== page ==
The ongoing deliberations of an elected Assembly charged with rewriting Venezuela's Constitution (see "Venezuelans Give Chávez Control of Constituent Assembly," p. 45) are creating some anxious moments, especially for members of the country's old political class. The Assembly, in the firm grip of the left-of-center alliance, Patriotic Pole, that brought Lt. Col. Hugo Chávez to the presidency last December, has been mandated by the unorthodox one-time coup plotter to bring about a "revolution" through constitutional reform. Just what Chávez has in mind by "revolution" remains unclear, and the convening of the Assembly has provoked dire predictions regarding the fate not only of Venezuela's two traditionally dominant political parties, but of its 40-year-old constitutional democracy as well.
The bipartisan system which now lies in disarray was put in place 40 years ago by a set of agreements between two of the principal groups that overthrew dictator Marcos Pérez Jiménez in the country's democratic revolution of 1958. The social democratic Democratic Action Party (AD) and the social Christian Copei Party quickly agreed to consolidate a formal democracy, to share institutional power, to establish a mixed economy with social protections, and to ally with the West. This last commitment meant the exclusion from governance of a third group which helped overthrow the dictatorship, the Venezuelan Communist Party (PCV). From 1958 on, AD and Copei have dominated the country's political institutions, and while the parties' founders were considered incorruptable, their successors have more often than not yielded to the temptations presented by large oil revenues.
The current foundering of the bipartisan system stems less from its undeniable corruptability than from the fact that it can no longer deliver the goods. This latter failure stems from the country's long economic malaise, set in motion, as throughout Latin America, by the plunging commodity prices—in the Venezuelan case, oil prices—and spiraling interest rates that produced the debt crisis of the 1980s. And as in the rest of Latin America, it was the debt crisis that allowed the creditor institutions—First World governments, banks and multilateral lenders—to impose an export-oriented, market-dominated model that has removed the social protections of the old Pact and plunged the majority of Venezuelans into poverty.
The first major sign of systemic breakdown came on February 27, 1989, following a nation-wide rise in bus fares and then-President Carlos Andrés Pérez's announcement that his government was adopting IMF austerity measures. Spontaneous rioting and looting broke out throughout the country in response to the populist Pérez's "great turnaround." For years, journalists simply wrote the abbreviated date, 27F, to refer to the violent and unexpected street disturbances of 1989, which left hundreds of people dead.
Three years later, in 1992, 4F and 27N became the shorthand expressions for two unsuccessful coup attempts led on February 4 and November 27 by Chávez and his fellow middle-level, "populist" officers. Though these uprisings were quickly put down by the loyal officer corps, they succeeded in slowing down Pérez's privatizing, deregulating reforms.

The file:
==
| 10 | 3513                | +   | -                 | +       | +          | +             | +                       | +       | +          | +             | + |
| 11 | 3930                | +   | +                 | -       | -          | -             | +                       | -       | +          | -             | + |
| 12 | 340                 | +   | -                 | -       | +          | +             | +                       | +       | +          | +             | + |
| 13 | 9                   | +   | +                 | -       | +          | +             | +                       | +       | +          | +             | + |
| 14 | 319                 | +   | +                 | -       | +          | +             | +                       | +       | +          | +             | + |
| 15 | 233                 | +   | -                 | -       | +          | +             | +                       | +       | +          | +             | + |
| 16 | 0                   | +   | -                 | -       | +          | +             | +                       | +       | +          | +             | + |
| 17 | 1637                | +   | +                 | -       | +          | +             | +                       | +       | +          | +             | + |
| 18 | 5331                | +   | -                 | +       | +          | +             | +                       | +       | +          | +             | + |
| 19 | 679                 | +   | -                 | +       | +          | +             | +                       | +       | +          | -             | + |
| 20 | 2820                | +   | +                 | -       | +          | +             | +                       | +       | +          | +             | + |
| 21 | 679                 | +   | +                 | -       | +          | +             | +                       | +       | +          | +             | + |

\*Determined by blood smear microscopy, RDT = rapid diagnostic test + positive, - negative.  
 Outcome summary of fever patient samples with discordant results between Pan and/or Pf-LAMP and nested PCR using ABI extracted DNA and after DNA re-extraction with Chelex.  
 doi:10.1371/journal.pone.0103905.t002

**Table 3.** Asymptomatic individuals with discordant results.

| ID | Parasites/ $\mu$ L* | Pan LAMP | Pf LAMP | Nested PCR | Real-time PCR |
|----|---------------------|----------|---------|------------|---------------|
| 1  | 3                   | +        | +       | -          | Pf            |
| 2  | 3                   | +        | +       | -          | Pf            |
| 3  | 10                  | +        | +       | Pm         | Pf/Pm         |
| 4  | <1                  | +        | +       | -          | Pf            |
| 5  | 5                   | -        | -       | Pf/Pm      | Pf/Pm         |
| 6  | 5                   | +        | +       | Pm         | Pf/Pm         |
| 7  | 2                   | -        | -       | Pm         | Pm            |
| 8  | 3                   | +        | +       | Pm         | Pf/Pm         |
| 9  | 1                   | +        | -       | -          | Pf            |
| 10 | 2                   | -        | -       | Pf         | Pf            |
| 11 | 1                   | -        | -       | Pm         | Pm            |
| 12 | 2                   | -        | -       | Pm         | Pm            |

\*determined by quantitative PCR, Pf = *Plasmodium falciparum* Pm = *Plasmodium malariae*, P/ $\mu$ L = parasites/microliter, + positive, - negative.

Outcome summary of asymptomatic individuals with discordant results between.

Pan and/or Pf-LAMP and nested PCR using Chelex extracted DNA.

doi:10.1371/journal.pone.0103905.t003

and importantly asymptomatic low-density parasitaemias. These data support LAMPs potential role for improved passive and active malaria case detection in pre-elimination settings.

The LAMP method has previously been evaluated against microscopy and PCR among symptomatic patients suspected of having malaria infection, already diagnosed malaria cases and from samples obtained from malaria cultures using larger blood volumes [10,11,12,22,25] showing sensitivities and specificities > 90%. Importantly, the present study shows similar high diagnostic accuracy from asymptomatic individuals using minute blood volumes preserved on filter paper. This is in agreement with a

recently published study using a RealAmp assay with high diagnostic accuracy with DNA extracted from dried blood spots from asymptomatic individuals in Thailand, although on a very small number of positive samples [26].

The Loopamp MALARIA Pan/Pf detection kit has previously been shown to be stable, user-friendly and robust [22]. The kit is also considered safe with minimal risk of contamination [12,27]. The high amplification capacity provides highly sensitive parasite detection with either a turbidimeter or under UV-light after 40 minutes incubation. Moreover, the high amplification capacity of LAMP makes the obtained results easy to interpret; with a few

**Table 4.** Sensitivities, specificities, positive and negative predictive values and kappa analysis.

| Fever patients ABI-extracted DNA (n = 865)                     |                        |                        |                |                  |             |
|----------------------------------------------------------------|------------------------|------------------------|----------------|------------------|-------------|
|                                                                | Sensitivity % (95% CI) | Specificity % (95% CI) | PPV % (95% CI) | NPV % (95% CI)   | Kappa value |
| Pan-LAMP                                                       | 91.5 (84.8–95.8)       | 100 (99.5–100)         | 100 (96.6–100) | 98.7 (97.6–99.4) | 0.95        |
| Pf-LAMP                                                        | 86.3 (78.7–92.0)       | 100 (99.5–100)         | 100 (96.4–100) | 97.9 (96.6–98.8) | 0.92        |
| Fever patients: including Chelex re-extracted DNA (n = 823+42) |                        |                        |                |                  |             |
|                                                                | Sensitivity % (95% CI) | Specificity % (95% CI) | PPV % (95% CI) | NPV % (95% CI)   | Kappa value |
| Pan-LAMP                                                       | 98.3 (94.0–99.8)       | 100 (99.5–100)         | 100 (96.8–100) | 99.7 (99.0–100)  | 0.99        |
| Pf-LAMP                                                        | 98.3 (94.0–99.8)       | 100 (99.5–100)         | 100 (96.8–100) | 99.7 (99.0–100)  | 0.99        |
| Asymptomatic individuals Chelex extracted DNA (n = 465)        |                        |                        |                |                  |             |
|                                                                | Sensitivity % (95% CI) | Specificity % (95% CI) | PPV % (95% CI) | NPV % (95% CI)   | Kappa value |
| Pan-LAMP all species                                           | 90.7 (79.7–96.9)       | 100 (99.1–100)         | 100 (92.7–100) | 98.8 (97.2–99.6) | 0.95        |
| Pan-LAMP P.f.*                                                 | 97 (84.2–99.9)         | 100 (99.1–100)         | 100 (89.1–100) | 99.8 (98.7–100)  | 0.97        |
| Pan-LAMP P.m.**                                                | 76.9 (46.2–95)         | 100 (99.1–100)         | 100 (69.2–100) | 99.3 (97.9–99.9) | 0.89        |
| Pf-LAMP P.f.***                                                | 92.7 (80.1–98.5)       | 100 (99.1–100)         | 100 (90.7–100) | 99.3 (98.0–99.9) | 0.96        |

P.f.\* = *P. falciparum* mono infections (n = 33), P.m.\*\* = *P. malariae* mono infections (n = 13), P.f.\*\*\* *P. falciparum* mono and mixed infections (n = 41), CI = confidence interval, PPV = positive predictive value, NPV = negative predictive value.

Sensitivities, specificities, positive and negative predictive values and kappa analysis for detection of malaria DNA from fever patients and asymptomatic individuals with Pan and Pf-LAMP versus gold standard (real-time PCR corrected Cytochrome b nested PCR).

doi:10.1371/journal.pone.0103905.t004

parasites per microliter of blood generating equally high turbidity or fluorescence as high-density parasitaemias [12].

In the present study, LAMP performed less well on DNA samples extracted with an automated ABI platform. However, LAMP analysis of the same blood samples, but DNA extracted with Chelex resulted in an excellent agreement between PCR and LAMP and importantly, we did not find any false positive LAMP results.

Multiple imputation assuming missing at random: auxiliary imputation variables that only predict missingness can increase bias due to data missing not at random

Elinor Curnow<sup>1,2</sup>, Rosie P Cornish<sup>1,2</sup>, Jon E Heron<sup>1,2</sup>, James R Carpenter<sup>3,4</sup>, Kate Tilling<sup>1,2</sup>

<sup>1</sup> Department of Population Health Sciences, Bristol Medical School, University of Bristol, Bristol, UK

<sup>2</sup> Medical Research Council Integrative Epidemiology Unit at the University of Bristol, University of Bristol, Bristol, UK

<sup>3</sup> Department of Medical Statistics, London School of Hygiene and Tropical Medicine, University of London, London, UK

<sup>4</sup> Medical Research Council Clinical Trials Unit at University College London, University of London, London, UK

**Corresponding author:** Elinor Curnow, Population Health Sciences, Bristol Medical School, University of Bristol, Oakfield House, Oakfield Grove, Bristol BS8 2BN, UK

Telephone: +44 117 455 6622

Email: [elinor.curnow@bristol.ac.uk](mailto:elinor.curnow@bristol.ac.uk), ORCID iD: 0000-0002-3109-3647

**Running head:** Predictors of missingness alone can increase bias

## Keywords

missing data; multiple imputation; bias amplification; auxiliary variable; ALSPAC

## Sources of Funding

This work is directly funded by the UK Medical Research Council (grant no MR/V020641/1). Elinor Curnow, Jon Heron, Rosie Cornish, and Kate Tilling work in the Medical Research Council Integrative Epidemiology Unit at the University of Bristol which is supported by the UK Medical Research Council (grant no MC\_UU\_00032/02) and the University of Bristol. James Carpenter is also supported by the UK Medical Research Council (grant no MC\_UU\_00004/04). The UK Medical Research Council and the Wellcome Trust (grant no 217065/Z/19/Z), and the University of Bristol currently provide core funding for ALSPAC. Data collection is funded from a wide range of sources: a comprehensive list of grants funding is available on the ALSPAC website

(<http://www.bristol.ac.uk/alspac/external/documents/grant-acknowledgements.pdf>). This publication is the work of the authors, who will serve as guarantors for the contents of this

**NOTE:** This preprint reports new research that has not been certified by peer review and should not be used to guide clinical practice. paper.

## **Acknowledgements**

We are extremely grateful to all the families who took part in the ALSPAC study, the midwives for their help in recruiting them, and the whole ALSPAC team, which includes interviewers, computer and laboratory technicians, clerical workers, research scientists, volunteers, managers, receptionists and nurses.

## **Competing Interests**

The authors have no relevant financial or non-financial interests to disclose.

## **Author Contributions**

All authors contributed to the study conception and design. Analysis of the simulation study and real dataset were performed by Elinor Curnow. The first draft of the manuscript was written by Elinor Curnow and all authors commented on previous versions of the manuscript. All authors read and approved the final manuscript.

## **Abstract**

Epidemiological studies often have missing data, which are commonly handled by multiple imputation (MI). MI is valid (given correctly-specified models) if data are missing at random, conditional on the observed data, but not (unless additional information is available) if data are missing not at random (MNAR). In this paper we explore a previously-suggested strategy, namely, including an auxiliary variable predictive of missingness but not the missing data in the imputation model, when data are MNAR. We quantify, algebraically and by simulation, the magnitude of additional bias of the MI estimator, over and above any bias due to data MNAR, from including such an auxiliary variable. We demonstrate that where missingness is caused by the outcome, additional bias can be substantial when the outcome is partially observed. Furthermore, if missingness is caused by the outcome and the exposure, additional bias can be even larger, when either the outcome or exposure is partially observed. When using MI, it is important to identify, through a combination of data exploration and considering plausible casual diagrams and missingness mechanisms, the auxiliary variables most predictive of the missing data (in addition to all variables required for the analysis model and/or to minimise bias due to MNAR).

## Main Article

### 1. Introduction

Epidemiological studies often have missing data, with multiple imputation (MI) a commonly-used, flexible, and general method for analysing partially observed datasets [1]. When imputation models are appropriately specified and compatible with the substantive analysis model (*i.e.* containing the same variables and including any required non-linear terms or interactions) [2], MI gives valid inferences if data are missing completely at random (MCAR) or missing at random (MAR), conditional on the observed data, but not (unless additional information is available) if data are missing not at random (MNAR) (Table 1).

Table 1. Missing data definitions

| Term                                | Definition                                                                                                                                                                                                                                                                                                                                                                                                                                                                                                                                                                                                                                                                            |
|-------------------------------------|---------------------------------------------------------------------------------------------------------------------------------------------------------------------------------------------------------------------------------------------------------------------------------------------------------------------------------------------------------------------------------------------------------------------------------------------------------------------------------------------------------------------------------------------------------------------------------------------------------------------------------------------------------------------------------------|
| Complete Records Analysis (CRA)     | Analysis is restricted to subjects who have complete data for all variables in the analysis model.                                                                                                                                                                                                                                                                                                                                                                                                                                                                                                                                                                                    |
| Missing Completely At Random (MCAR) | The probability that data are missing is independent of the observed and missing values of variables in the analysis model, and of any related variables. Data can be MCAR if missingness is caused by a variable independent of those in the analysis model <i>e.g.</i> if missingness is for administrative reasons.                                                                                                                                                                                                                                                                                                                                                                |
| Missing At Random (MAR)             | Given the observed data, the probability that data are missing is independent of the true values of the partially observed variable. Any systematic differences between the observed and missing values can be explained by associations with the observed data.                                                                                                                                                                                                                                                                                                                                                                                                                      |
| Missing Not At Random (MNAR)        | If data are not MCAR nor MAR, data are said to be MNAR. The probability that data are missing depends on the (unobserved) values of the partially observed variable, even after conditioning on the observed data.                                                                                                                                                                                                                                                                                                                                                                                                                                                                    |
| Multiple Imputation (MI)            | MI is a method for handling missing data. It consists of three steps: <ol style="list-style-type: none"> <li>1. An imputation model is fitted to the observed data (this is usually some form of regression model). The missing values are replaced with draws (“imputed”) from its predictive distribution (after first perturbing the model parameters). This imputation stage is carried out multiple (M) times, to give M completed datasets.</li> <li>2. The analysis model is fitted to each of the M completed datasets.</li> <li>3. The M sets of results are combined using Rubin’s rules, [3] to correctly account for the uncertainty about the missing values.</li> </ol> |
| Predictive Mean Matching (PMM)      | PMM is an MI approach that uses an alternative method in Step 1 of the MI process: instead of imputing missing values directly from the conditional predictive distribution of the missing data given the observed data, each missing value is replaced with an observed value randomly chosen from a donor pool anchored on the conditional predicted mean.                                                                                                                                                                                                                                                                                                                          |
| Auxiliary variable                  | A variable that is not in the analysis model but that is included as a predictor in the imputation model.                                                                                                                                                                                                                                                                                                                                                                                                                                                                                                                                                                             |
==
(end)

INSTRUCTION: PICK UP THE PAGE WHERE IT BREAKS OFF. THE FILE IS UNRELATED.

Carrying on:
Serious cracks in the bipartisan hegemony appeared in 1993 when Copei founder Rafael Caldera broke from his party to form a center-left "anti-party" coalition called Convergence, which went on to win the presidency. In that election, AD and Copei pulled a combined vote of under 50%, while two competing heirs of the PCV, Movement Toward Socialism (MAS)—a member of the victorious coalition—and The Radical Cause (La Causa R), fared better than they ever had before.
The coup attempts had allowed Caldera to launch an anti-austerity presidential campaign with a dramatic televised speech from the Senate floor on the day the first coup was subdued, indicting Pérez's hardship-generating reforms for provoking the junior officers' violent opposition. Caldera's victory in 1993 opened just enough cracks in the old bipartisan system for Chávez to break it apart five years later.
But there is another obstacle to democratic reform that may prove to be made of sterner stuff. That is the power of the global financial system to impose its own logic on policies of a nominally national scope. Venezuelans, it must be remembered, voted overwhelmingly for social democracy when they elected AD's Carlos Andrés Pérez to the presidency in 1988, and again when they voted for the anti-neoliberal Convergence alliance headed by Caldera. Caldera held out longer than Pérez, but like his predecessor, finally succumbed to the dictates of "the markets," instructing his planning minister, MAS leader Teodoro Petkoff, to negotiate austerity-based adjustment deals with the IMF from 1996 on.
And now that same democratic electorate has given its support to a comandante who speaks the language of social reform and whose commitment to the trappings of democracy has yet to be fully tested. Whether Hugo Chávez's instincts are democratic or authoritarian, however, is a question of no more transcendance than whether "the markets" will permit any real democratic choice in this long-suffering country.
ABOUT THE AUTHOR
Fred Rosen is the Publisher of NACLA Report on the Americas.